Third-party cookies have been in use since Netscape invented them in 1992. Most experts credit them with the incredible growth of the digital advertising industry, which is now worth over $600 billion. As third-party cookie use declines due to privacy concerns and laws like the GDPR, enterprises are looking for alternative ways to maintain customer privacy while maximizing customer data use.
Data clean rooms let organizations share data safely and securely while staying compliant.
What is a Data Clean Room?
Data clean rooms are secure and controlled environments for the safe handling, analysis, and processing of data. They ensure data integrity, privacy, and a “contamination-free” space where data can be retrieved and used without the risk of unauthorized access or breaches, helping address major concerns related to data privacy, security, and regulatory compliance.
A data clean room facilitates collaboration on data-driven projects without users directly sharing sensitive information. Organizations can use the room to pool, analyze, and derive insights from stored data, all while ensuring raw datasets remain invisible and inaccessible to external parties.
A significant application of data clean room technology is clean room data recovery. The process involves retrieving data from damaged or failed storage devices within a controlled environment where air is filtered to eliminate microscopic dust particles and other contaminants that often make their way into hard drives.
How Does a Data Clean Room Work?
Data clean rooms enhance privacy, security, and regulatory compliance in data analysis and collaboration. They operate as intermediary zones where two or more datasets “meet” to be analyzed and computed without ever merging or being exposed to each other.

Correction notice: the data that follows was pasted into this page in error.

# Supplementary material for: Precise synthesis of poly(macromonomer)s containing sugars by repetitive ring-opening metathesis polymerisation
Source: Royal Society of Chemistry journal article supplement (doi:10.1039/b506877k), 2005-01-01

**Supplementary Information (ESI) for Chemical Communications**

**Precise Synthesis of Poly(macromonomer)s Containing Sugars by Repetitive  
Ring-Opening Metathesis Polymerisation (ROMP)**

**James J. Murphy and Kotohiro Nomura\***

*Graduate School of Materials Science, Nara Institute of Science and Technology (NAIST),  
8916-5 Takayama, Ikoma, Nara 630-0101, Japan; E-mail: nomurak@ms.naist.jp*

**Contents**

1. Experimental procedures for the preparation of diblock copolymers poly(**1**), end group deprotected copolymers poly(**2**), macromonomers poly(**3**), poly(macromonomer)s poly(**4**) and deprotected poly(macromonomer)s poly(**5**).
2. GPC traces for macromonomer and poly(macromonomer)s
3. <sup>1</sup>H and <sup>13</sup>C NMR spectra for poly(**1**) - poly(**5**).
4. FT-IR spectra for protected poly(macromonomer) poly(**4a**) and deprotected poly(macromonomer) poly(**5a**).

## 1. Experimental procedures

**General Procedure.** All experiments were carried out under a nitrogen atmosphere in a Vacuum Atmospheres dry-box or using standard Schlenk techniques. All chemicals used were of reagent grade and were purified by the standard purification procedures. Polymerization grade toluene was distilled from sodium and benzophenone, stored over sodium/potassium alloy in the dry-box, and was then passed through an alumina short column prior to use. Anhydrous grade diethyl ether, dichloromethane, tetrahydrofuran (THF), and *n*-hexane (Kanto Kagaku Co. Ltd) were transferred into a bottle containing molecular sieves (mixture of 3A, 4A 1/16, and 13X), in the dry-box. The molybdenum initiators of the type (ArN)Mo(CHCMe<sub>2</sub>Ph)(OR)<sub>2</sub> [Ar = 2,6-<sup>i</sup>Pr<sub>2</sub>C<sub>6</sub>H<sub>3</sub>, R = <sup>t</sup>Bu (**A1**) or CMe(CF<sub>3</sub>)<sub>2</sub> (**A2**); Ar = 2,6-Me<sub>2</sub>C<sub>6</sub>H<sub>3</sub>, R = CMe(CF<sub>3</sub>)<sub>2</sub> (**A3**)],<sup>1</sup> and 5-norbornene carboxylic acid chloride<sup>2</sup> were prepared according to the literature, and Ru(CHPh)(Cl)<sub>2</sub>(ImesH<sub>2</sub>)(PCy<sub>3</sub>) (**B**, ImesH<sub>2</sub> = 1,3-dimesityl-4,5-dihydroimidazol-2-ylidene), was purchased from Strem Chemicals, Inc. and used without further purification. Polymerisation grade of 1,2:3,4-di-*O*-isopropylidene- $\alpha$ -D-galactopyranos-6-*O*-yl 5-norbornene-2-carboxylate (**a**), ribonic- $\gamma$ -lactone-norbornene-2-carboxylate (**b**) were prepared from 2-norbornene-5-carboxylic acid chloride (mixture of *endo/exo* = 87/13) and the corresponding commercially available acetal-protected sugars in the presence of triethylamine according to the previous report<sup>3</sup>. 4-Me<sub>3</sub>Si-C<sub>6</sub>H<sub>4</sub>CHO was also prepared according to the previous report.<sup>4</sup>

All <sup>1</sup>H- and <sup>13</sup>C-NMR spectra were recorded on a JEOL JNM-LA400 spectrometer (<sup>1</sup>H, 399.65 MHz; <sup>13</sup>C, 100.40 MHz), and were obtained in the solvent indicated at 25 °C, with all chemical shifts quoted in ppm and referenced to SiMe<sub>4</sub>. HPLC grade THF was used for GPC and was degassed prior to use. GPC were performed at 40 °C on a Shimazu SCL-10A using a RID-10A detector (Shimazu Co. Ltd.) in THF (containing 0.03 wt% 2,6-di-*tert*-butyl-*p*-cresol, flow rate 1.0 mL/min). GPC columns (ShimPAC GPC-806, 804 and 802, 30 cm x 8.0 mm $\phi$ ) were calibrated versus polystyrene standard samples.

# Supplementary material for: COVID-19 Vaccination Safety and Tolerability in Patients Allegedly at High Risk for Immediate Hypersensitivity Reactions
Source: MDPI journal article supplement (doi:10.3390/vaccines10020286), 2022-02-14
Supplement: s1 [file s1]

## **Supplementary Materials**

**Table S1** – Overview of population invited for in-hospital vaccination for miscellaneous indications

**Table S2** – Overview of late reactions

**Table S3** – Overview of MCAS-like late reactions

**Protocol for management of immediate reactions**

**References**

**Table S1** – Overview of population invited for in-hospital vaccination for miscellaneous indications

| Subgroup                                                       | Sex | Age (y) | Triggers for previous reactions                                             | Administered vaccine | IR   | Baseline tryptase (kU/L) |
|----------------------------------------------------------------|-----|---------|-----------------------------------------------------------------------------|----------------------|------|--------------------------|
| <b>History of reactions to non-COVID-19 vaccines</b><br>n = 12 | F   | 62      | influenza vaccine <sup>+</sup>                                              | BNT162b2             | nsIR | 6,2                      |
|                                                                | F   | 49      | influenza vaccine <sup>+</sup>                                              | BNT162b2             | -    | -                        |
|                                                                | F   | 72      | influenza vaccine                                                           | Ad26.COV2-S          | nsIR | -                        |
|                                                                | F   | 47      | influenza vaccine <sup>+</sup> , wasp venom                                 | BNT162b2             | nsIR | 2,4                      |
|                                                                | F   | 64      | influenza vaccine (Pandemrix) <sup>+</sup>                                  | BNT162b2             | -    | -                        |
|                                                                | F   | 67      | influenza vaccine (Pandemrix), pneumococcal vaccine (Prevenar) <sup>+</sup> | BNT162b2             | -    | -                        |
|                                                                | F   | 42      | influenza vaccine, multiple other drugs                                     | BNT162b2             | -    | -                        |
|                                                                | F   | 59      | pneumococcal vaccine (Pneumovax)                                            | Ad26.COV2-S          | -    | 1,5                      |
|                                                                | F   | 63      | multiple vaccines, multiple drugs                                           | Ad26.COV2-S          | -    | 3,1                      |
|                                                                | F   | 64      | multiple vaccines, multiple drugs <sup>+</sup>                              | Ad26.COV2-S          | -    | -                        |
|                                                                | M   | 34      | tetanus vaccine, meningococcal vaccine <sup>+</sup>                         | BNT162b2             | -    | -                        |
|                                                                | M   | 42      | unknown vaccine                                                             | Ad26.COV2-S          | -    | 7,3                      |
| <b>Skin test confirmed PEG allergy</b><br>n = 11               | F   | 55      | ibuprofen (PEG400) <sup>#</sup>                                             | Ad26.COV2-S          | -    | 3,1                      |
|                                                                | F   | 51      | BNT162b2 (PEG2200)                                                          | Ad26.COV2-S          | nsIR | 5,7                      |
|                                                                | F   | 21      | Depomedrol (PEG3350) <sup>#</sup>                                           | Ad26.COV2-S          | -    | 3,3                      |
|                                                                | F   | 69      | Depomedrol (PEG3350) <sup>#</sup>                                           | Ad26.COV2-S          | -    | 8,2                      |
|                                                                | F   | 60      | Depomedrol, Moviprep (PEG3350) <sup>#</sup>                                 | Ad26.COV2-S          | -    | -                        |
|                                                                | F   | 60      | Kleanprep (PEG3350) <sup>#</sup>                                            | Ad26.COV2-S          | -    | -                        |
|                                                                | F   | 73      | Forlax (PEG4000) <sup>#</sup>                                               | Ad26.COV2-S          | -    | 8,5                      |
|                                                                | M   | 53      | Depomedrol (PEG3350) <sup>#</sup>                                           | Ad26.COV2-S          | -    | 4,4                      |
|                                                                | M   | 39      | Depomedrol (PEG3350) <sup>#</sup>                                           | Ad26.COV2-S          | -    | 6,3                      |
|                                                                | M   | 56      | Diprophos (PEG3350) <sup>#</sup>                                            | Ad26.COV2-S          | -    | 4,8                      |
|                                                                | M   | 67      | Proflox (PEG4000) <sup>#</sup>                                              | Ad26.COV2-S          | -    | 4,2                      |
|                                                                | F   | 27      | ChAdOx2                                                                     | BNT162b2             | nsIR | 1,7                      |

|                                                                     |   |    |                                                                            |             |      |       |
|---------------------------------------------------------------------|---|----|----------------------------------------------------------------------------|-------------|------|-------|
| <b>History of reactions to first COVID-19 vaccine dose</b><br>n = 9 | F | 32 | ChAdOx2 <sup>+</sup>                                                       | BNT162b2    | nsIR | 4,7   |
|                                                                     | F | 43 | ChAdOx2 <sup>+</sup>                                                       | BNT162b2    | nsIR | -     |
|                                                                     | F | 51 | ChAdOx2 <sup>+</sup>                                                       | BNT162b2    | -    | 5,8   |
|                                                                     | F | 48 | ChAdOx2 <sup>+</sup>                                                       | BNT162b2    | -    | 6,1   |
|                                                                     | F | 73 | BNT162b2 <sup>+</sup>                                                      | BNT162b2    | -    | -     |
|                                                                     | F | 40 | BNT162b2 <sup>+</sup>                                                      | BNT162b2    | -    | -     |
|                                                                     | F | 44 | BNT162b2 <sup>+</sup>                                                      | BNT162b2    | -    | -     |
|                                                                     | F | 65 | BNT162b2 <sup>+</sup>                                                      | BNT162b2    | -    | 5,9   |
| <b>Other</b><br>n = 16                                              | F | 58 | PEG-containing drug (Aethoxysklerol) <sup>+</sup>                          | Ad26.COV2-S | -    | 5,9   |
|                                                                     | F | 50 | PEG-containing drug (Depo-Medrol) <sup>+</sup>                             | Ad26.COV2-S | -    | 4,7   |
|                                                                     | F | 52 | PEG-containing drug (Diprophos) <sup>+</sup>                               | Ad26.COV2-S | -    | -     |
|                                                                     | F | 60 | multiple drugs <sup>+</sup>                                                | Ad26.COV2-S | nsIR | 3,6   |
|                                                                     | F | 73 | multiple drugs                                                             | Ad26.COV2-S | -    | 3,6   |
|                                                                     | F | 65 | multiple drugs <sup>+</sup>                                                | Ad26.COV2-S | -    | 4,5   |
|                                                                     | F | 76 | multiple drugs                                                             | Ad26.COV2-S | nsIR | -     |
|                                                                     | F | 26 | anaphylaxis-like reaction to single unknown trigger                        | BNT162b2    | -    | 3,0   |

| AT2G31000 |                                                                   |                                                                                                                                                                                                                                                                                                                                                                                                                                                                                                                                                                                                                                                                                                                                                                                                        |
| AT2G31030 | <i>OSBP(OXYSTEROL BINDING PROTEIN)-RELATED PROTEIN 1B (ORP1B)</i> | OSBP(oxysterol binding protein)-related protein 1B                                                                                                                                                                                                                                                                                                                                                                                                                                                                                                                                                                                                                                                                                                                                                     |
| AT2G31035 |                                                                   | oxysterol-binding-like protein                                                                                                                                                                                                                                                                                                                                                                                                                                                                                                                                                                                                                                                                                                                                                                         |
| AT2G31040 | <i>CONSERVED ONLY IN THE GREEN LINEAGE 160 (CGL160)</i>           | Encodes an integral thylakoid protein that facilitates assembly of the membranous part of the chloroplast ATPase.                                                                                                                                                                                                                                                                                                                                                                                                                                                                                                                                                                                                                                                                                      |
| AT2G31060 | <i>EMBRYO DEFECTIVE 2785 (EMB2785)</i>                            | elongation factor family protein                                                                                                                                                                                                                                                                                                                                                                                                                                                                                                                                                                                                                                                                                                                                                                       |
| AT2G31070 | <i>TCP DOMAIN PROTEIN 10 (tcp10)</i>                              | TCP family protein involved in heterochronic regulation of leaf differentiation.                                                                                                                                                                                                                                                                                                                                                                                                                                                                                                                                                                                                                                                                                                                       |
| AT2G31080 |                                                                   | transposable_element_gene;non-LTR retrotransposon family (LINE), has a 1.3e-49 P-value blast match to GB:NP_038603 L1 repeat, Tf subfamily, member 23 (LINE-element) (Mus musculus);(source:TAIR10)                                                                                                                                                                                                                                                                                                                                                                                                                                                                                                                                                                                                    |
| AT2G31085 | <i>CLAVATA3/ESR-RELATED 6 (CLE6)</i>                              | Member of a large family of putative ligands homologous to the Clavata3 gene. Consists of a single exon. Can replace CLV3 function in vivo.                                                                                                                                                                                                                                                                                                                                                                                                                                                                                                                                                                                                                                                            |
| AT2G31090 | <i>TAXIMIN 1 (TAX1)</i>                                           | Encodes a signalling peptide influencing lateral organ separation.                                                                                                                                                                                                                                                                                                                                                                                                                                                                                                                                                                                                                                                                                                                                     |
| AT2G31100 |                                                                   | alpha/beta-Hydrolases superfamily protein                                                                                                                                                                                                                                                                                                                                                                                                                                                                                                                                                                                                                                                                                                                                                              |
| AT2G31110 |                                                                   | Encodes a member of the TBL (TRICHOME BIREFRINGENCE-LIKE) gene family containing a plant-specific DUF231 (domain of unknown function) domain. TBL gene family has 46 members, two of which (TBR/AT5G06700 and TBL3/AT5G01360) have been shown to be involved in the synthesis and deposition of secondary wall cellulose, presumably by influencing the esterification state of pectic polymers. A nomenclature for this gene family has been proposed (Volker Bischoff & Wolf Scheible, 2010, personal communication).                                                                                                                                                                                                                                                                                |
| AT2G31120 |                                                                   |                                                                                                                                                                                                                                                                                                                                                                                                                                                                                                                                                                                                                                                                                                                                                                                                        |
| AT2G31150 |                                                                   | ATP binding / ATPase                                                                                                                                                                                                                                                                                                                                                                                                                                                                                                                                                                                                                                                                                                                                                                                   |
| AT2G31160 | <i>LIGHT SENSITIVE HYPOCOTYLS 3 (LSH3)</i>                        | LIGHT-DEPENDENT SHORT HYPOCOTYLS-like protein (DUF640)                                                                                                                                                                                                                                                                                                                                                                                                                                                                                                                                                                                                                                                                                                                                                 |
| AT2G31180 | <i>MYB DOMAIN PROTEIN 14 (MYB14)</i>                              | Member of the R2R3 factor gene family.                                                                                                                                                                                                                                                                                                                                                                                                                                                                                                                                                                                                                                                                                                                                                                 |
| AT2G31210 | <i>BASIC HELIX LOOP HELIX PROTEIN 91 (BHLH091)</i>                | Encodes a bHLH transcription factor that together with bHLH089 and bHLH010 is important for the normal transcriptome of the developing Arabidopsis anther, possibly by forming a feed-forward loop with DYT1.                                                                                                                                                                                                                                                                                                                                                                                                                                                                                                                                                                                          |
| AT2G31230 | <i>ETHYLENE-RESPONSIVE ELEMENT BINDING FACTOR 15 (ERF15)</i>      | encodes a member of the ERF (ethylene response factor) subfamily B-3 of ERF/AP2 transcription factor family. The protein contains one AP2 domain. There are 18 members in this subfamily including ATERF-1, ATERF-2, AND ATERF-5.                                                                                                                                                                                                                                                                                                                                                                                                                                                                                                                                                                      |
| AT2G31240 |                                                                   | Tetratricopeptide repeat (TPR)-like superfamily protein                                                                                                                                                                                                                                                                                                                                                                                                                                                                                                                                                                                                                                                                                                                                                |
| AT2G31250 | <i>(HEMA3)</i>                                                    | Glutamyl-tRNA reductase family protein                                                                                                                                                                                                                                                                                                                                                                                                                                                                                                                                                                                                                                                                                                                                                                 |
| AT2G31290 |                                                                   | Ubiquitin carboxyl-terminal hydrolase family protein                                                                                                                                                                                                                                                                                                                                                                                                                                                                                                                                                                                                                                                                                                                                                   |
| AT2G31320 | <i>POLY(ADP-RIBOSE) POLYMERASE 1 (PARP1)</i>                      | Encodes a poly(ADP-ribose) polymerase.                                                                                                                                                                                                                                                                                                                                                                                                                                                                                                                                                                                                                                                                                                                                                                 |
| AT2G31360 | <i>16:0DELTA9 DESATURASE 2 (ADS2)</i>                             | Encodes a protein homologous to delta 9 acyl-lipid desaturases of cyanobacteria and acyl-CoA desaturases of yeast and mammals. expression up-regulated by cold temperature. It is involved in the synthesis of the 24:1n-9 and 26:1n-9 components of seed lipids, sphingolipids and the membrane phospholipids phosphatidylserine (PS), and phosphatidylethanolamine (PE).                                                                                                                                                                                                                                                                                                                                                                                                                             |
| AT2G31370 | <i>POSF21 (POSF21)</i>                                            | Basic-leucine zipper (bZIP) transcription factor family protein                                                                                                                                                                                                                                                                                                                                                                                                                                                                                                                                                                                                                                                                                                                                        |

The first step involves “loading” first-party data to the data clean room, followed by “cleaning,” or the applying of various security and privacy protection measures, such as pseudonymization and restricted data. The final step is “ready to use” or data cleansed reports, which can be analyzed for other activities.
- The process begins when collaborators decide to work together. Each party uploads its dataset into the clean room; however, algorithms, queries, and computations run on the datasets in the clean room ensure that each party’s raw data is not directly shared with any other party.
- As security is paramount, the clean room’s infrastructure is designed to prevent any direct access to raw data; only aggregated results or insights can be viewed. For instance, if two enterprises want to understand a concept like audience overlap, the clean room will indicate a percentage figure but won’t reveal the specific individuals that overlap.
- Different privacy techniques are used to ensure any analysis results cannot be used to infer specifics about an individual.
- Rules and permissions that dictate what type of analysis can be done, by whom, and to what extent are set within the clean room.
Types of Data Cleaning Rooms